I gulped my milk. Winnie laughed and hiccuped too,
teasing me. I peered up at her, trying hard to focus.
She had a round rosy face with fair hair escaping
from her cap. She wasn't special like my mother
– but perhaps Winnie could be a second mother to
me now? I was too small even to smile, but I fixed
my blue eyes on her. She looked back, doing all the
smiling for both of us.

Other babies were wailing now, demanding
attention, but Winnie still held me, whispering my
new name. 'Little Hetty Feather! Well, you're light
as a feather and no mistake.' She whirled round and
round so that I whirled too. We danced in and out
of all the iron cots. It felt as if I was flying. I willed
Winnie to whirl us right out of the door, away from
this chill, puzzling prison, but another nurse spoke
to her sharply and she put me back in my little bed,
both of us breathless.

I did not cry for my mother that night. I still
thought of her longingly, but I consoled myself with
the thought that I'd see Winnie in the morning –
and every morning after that.

I couldn't have been more wrong. The next day
new hands fed me, bathed me, and then dressed
me in my uncomfortable clothes. The shawl was
wound extra tightly and knotted at the ends, so
that I resembled a small woollen parcel – and like
a parcel, I was picked up, carried along corridors,
taken outside the huge door and posted into a
waiting cab.

I was stuffed into a large basket padded with
rags. I lay there, too stunned even to scream. What
was happening to me now? I wanted Winnie. I
wanted my mother. My heart started beating so fast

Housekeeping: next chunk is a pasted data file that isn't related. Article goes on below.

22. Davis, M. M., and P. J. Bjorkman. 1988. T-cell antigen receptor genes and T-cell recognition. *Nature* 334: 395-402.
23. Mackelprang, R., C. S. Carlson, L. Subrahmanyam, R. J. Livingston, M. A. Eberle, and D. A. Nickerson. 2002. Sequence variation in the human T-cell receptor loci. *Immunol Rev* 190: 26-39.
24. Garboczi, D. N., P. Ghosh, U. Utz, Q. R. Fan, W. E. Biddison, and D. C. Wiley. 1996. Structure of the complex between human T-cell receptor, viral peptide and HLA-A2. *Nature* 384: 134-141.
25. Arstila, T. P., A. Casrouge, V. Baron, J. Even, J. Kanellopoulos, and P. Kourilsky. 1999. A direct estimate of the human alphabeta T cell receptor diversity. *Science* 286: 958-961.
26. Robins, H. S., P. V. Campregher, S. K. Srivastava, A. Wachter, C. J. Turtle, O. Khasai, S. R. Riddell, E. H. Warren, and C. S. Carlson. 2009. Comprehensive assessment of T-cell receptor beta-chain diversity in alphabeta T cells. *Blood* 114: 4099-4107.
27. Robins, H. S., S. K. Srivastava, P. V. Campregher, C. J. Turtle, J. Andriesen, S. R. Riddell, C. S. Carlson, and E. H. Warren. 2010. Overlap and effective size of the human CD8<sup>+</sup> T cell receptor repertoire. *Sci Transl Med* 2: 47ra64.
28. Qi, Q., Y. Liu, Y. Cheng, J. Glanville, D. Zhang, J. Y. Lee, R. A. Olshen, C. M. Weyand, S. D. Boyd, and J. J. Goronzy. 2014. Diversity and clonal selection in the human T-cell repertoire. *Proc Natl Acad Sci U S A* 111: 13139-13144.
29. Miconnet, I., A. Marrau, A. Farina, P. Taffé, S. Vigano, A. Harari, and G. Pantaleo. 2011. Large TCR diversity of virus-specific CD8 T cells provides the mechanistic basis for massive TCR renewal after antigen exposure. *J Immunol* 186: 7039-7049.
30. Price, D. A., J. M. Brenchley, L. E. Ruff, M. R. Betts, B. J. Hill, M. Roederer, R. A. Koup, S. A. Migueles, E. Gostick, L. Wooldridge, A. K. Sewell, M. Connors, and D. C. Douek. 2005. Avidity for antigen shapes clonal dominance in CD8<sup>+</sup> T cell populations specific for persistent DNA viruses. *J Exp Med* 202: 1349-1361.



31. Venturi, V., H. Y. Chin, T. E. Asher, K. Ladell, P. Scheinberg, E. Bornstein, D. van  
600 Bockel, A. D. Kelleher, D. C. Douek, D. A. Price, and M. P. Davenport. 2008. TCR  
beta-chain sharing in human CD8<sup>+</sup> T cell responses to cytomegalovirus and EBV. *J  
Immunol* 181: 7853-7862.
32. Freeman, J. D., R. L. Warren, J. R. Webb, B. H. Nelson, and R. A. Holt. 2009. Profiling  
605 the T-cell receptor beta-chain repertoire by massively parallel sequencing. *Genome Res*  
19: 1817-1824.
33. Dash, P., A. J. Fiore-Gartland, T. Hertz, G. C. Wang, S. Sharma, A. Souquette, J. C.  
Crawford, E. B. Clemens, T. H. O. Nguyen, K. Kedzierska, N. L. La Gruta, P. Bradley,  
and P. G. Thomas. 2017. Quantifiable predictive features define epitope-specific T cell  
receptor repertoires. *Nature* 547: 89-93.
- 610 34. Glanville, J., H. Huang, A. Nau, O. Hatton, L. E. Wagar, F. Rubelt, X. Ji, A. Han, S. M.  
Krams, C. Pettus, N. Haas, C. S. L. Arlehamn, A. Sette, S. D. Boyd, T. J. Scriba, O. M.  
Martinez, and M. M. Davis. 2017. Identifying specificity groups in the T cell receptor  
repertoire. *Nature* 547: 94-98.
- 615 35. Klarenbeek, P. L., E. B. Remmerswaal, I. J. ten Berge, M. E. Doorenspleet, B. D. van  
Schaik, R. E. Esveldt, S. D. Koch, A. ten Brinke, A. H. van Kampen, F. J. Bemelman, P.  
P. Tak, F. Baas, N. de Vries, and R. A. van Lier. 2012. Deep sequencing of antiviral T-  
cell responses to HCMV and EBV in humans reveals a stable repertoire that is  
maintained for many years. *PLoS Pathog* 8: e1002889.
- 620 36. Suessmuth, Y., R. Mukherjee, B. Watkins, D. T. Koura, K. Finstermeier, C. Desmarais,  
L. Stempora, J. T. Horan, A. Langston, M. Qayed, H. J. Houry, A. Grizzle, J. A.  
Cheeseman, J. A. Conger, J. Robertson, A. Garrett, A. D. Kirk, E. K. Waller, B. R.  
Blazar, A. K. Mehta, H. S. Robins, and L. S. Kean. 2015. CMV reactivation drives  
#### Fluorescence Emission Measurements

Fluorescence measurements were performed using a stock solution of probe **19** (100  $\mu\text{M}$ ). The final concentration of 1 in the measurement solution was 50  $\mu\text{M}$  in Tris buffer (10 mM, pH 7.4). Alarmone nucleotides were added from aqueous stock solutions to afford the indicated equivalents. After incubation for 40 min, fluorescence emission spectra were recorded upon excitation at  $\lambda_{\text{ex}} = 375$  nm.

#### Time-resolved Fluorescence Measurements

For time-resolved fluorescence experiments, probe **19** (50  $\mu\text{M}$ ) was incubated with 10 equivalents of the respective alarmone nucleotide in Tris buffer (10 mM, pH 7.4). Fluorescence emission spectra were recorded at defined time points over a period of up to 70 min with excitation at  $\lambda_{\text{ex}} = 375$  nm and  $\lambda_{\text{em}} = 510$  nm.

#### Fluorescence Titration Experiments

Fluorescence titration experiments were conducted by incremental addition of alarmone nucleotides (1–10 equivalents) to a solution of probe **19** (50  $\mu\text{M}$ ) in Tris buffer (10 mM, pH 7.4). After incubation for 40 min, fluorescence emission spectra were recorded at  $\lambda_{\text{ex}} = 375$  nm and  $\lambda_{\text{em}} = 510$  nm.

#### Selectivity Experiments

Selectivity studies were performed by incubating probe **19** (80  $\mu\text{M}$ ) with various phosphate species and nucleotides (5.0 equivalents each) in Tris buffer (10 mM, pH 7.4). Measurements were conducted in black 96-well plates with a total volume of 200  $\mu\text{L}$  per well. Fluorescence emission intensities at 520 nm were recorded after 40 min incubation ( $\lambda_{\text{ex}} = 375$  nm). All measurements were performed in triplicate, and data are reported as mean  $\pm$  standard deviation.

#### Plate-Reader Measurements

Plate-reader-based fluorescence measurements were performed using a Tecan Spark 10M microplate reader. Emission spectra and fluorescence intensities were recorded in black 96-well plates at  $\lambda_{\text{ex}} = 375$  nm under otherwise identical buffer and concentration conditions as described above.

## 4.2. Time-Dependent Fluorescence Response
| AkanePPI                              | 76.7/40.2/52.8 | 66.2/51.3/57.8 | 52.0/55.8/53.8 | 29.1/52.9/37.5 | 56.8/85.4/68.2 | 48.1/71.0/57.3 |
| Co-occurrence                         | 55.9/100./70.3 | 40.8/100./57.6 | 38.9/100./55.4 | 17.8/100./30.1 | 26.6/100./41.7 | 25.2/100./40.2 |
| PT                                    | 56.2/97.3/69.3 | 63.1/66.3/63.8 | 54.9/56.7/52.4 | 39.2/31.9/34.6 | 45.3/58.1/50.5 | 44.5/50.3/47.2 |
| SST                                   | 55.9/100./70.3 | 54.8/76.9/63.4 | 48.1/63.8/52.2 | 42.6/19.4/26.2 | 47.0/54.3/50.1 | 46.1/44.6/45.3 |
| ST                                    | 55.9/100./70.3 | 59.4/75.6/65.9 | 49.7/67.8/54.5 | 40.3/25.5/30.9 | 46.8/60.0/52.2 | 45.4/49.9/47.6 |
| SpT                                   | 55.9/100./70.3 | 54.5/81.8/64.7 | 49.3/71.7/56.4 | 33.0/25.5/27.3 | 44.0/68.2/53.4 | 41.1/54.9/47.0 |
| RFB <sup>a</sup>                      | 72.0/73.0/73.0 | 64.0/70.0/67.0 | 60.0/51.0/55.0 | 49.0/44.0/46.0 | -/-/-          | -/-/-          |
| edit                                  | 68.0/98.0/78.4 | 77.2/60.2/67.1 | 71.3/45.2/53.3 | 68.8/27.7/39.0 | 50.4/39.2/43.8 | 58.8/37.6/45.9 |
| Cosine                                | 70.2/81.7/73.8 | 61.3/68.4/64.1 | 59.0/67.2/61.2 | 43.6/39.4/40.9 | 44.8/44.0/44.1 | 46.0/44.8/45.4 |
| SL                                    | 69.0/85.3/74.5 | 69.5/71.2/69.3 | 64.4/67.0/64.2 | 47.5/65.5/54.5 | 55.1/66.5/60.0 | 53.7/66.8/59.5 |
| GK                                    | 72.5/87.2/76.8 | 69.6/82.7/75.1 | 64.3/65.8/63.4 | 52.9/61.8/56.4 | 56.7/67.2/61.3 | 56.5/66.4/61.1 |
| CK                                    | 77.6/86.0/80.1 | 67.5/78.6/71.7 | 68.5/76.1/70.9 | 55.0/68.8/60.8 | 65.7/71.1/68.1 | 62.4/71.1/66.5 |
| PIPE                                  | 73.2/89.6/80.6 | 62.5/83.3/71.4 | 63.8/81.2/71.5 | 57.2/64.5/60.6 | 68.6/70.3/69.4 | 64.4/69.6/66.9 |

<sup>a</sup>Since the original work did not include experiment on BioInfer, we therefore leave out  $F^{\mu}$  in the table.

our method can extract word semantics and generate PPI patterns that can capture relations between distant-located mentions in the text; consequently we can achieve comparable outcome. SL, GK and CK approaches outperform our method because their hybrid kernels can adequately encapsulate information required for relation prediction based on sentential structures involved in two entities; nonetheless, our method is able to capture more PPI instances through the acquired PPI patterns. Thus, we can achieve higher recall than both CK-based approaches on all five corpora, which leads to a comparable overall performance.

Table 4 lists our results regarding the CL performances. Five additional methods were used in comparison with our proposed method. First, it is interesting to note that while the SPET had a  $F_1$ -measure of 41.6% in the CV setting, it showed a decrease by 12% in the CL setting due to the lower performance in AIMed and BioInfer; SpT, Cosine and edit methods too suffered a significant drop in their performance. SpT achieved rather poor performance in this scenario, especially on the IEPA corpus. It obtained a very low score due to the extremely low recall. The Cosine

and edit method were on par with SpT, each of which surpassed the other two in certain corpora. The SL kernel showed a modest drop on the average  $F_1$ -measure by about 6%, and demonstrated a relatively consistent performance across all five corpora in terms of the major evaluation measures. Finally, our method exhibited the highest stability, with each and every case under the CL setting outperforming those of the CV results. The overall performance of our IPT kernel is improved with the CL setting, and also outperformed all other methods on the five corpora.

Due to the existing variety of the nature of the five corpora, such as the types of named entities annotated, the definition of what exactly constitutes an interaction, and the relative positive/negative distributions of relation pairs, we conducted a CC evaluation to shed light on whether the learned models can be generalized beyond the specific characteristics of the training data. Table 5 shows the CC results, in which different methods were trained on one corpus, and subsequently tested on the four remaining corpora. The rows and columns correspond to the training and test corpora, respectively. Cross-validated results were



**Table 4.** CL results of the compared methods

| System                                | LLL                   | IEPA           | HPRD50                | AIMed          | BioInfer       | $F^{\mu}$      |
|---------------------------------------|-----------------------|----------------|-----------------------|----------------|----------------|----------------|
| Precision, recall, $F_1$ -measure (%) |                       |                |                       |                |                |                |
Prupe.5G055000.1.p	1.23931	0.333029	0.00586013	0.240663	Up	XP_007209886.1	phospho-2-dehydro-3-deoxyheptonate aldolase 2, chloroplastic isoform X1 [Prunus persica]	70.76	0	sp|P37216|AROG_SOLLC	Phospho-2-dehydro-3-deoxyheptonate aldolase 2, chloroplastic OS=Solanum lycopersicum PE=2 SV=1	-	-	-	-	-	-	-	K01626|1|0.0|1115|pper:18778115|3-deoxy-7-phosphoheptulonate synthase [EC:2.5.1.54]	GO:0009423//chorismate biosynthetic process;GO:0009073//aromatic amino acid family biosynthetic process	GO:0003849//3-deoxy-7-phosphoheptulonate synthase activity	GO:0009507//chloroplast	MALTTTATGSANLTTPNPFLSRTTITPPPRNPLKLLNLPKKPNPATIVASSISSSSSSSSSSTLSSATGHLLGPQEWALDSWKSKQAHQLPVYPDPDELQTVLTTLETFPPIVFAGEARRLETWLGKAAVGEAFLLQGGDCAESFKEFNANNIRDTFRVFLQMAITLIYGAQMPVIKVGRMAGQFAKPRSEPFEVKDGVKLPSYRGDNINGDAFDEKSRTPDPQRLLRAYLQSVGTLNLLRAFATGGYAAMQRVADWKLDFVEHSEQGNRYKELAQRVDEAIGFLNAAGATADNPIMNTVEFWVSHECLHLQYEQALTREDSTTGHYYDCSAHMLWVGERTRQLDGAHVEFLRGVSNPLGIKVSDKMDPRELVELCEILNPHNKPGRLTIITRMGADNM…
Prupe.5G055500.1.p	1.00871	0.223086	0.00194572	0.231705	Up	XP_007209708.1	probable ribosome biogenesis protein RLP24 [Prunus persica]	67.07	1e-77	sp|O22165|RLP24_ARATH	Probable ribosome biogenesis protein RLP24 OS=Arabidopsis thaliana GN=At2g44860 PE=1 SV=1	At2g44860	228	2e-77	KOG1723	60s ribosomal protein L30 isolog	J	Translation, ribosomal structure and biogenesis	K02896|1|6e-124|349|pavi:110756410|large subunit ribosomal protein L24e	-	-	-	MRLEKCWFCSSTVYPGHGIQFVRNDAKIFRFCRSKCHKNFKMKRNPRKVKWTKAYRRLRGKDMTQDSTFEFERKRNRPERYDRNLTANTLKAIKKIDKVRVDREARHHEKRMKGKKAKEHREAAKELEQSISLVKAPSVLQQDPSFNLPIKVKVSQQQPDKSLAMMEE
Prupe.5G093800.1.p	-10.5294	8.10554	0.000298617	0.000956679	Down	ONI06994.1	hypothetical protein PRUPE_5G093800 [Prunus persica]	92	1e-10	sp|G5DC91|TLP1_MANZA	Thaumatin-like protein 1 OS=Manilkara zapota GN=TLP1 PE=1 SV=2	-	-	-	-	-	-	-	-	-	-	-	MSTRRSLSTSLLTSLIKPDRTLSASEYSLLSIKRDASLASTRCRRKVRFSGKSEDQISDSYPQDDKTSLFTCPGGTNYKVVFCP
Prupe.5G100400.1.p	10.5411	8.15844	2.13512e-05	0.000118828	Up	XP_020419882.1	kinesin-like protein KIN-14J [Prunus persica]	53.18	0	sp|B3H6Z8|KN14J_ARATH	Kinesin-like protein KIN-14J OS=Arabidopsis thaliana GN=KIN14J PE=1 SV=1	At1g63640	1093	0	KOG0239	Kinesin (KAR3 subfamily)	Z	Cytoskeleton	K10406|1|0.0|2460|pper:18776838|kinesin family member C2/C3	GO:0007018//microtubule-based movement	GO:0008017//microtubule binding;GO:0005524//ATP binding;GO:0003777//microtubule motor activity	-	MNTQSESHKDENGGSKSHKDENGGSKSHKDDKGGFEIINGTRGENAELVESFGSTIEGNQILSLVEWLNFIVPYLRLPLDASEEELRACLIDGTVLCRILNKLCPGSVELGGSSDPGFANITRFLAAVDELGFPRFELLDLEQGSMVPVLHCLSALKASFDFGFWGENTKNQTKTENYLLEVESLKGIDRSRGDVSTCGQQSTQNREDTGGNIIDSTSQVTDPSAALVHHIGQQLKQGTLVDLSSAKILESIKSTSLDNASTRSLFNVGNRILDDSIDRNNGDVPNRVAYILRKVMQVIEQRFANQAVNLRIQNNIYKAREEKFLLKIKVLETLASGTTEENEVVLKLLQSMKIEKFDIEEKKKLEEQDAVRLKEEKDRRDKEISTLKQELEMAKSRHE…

it nearly burst through my shawl.
Were they taking
me back to my mother?

The cab door opened again. I heard an infant
wail, so sad, so scared. My mouth was shut so it
couldn't be me. The cries grew frantic as another
child was crammed into the basket beside me. I let
out a little wail myself and the other crying stopped
in surprise. Then it started up again and I started
too. We drew breath at the same time so we were
crying in unison. Then I stopped and the other babe
stopped too. It was as if we were talking to each
other.

Hello! I'm here too. I'm just as anxious as you
are.

Where are they taking us?

I don't know. I want them to take me back to my
mother.

I want mine too!

Well, at least we have each other.

Our hands were trapped in our woollen shawls,
but it was as if we were reaching out and clasping
each other.

The cab jerked and the horses' hooves clacked
and I remembered my own mother so painfully.
Then we stopped and the door opened, and my
fellow basket baby and I blinked in the sudden
light. Someone took us up out of the cab, swinging
us along into a vast, roaring, smoky hall. This
brought back memories too. I now know that
we were at a vast London station. Soon we were
stowed in our basket upon a seat and the train
jerked into motion. The other baby and I cried
lustily, but the steady chug and whir of the
wheels beneath us grew soothing and soon we both
slept.

I dreamed that I was back in my mother's
arms, but when I woke I was still trussed up in
the shawl and stuffed in the basket, and the baby
next to me was wailing forlornly. I cried too because
I was hungry and thirsty, my stomach empty and
aching. The baby beside me set up a mournful
descant.

When we lived in the huge bleak building we had
always been fed every few hours and our napkins
changed. I was now wet and sore, my shawl damp
and reeking. So we cried and cried, and then slept
some more out of sheer exhaustion – and then the
train slowed and stopped. The door opened and
we were swung out into the fresh air. Our carrier
stamped his feet and marched forwards. There was
a clamour of voices with a softer country burr. The
basket rocked as hands reached in, lifting out my
baby neighbour.

'This here is Master Gideon Smeed, fresh from
the Foundling Hospital!'

I heard laughing and cooing and clapping. I was
left in the basket by myself! I screamed – and more
hands came back for me.

BOOK: Hetty Feather